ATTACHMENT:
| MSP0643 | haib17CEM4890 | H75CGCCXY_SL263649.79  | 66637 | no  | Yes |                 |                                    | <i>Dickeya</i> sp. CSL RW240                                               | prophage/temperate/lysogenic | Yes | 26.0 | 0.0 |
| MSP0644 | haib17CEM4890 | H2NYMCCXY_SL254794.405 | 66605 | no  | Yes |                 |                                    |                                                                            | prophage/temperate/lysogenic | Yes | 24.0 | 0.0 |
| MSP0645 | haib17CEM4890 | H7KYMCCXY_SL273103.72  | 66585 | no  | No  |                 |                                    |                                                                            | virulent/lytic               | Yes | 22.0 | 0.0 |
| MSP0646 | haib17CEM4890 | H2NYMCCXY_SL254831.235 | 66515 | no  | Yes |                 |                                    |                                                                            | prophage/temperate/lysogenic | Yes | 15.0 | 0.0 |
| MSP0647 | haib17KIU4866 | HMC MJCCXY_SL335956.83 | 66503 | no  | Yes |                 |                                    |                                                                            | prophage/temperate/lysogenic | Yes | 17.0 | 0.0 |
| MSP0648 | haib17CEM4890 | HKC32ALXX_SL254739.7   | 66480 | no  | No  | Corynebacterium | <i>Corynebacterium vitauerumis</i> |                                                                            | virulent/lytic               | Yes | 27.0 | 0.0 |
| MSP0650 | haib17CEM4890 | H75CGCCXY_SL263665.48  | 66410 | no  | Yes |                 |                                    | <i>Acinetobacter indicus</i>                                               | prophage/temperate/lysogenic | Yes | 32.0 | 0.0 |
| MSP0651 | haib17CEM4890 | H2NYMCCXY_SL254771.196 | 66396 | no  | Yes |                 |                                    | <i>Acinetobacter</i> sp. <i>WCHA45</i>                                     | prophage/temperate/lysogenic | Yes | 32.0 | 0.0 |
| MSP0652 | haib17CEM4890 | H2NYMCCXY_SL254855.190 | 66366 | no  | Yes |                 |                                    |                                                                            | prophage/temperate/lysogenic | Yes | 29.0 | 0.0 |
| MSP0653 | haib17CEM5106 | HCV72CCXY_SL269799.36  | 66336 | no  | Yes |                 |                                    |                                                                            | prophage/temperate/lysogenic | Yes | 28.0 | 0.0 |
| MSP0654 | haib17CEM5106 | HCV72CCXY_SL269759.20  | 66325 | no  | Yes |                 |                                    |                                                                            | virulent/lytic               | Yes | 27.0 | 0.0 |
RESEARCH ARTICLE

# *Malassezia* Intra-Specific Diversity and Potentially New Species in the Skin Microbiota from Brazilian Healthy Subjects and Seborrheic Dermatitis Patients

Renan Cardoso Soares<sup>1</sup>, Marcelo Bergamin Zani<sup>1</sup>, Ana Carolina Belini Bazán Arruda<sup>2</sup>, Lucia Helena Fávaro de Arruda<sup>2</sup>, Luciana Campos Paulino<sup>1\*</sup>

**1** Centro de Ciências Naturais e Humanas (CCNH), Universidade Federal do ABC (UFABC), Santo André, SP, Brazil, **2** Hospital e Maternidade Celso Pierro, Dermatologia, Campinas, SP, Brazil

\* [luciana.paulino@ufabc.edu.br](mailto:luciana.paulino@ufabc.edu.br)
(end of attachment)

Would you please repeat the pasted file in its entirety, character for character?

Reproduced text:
| MSP0643 | haib17CEM4890 | H75CGCCXY_SL263649.79  | 66637 | no  | Yes |                 |                                    | <i>Dickeya</i> sp. CSL RW240                                               | prophage/temperate/lysogenic | Yes | 26.0 | 0.0 |
| MSP0644 | haib17CEM4890 | H2NYMCCXY_SL254794.405 | 66605 | no  | Yes |                 |                                    |                                                                            | prophage/temperate/lysogenic | Yes | 24.0 | 0.0 |
| MSP0645 | haib17CEM4890 | H7KYMCCXY_SL273103.72  | 66585 | no  | No  |                 |                                    |                                                                            | virulent/lytic               | Yes | 22.0 | 0.0 |
| MSP0646 | haib17CEM4890 | H2NYMCCXY_SL254831.235 | 66515 | no  | Yes |                 |                                    |                                                                            | prophage/temperate/lysogenic | Yes | 15.0 | 0.0 |
| MSP0647 | haib17KIU4866 | HMC MJCCXY_SL335956.83 | 66503 | no  | Yes |                 |                                    |                                                                            | prophage/temperate/lysogenic | Yes | 17.0 | 0.0 |
| MSP0648 | haib17CEM4890 | HKC32ALXX_SL254739.7   | 66480 | no  | No  | Corynebacterium | <i>Corynebacterium vitauerumis</i> |                                                                            | virulent/lytic               | Yes | 27.0 | 0.0 |
| MSP0650 | haib17CEM4890 | H75CGCCXY_SL263665.48  | 66410 | no  | Yes |                 |                                    | <i>Acinetobacter indicus</i>                                               | prophage/temperate/lysogenic | Yes | 32.0 | 0.0 |
| MSP0651 | haib17CEM4890 | H2NYMCCXY_SL254771.196 | 66396 | no  | Yes |                 |                                    | <i>Acinetobacter</i> sp. <i>WCHA45</i>                                     | prophage/temperate/lysogenic | Yes | 32.0 | 0.0 |
| MSP0652 | haib17CEM4890 | H2NYMCCXY_SL254855.190 | 66366 | no  | Yes |                 |                                    |                                                                            | prophage/temperate/lysogenic | Yes | 29.0 | 0.0 |
| MSP0653 | haib17CEM5106 | HCV72CCXY_SL269799.36  | 66336 | no  | Yes |                 |                                    |                                                                            | prophage/temperate/lysogenic | Yes | 28.0 | 0.0 |
| MSP0654 | haib17CEM5106 | HCV72CCXY_SL269759.20  | 66325 | no  | Yes |                 |                                    |                                                                            | virulent/lytic               | Yes | 27.0 | 0.0 |
RESEARCH ARTICLE

# *Malassezia* Intra-Specific Diversity and Potentially New Species in the Skin Microbiota from Brazilian Healthy Subjects and Seborrheic Dermatitis Patients

Renan Cardoso Soares<sup>1</sup>, Marcelo Bergamin Zani<sup>1</sup>, Ana Carolina Belini Bazán Arruda<sup>2</sup>, Lucia Helena Fávaro de Arruda<sup>2</sup>, Luciana Campos Paulino<sup>1\*</sup>

**1** Centro de Ciências Naturais e Humanas (CCNH), Universidade Federal do ABC (UFABC), Santo André, SP, Brazil, **2** Hospital e Maternidade Celso Pierro, Dermatologia, Campinas, SP, Brazil

\* [luciana.paulino@ufabc.edu.br](mailto:luciana.paulino@ufabc.edu.br)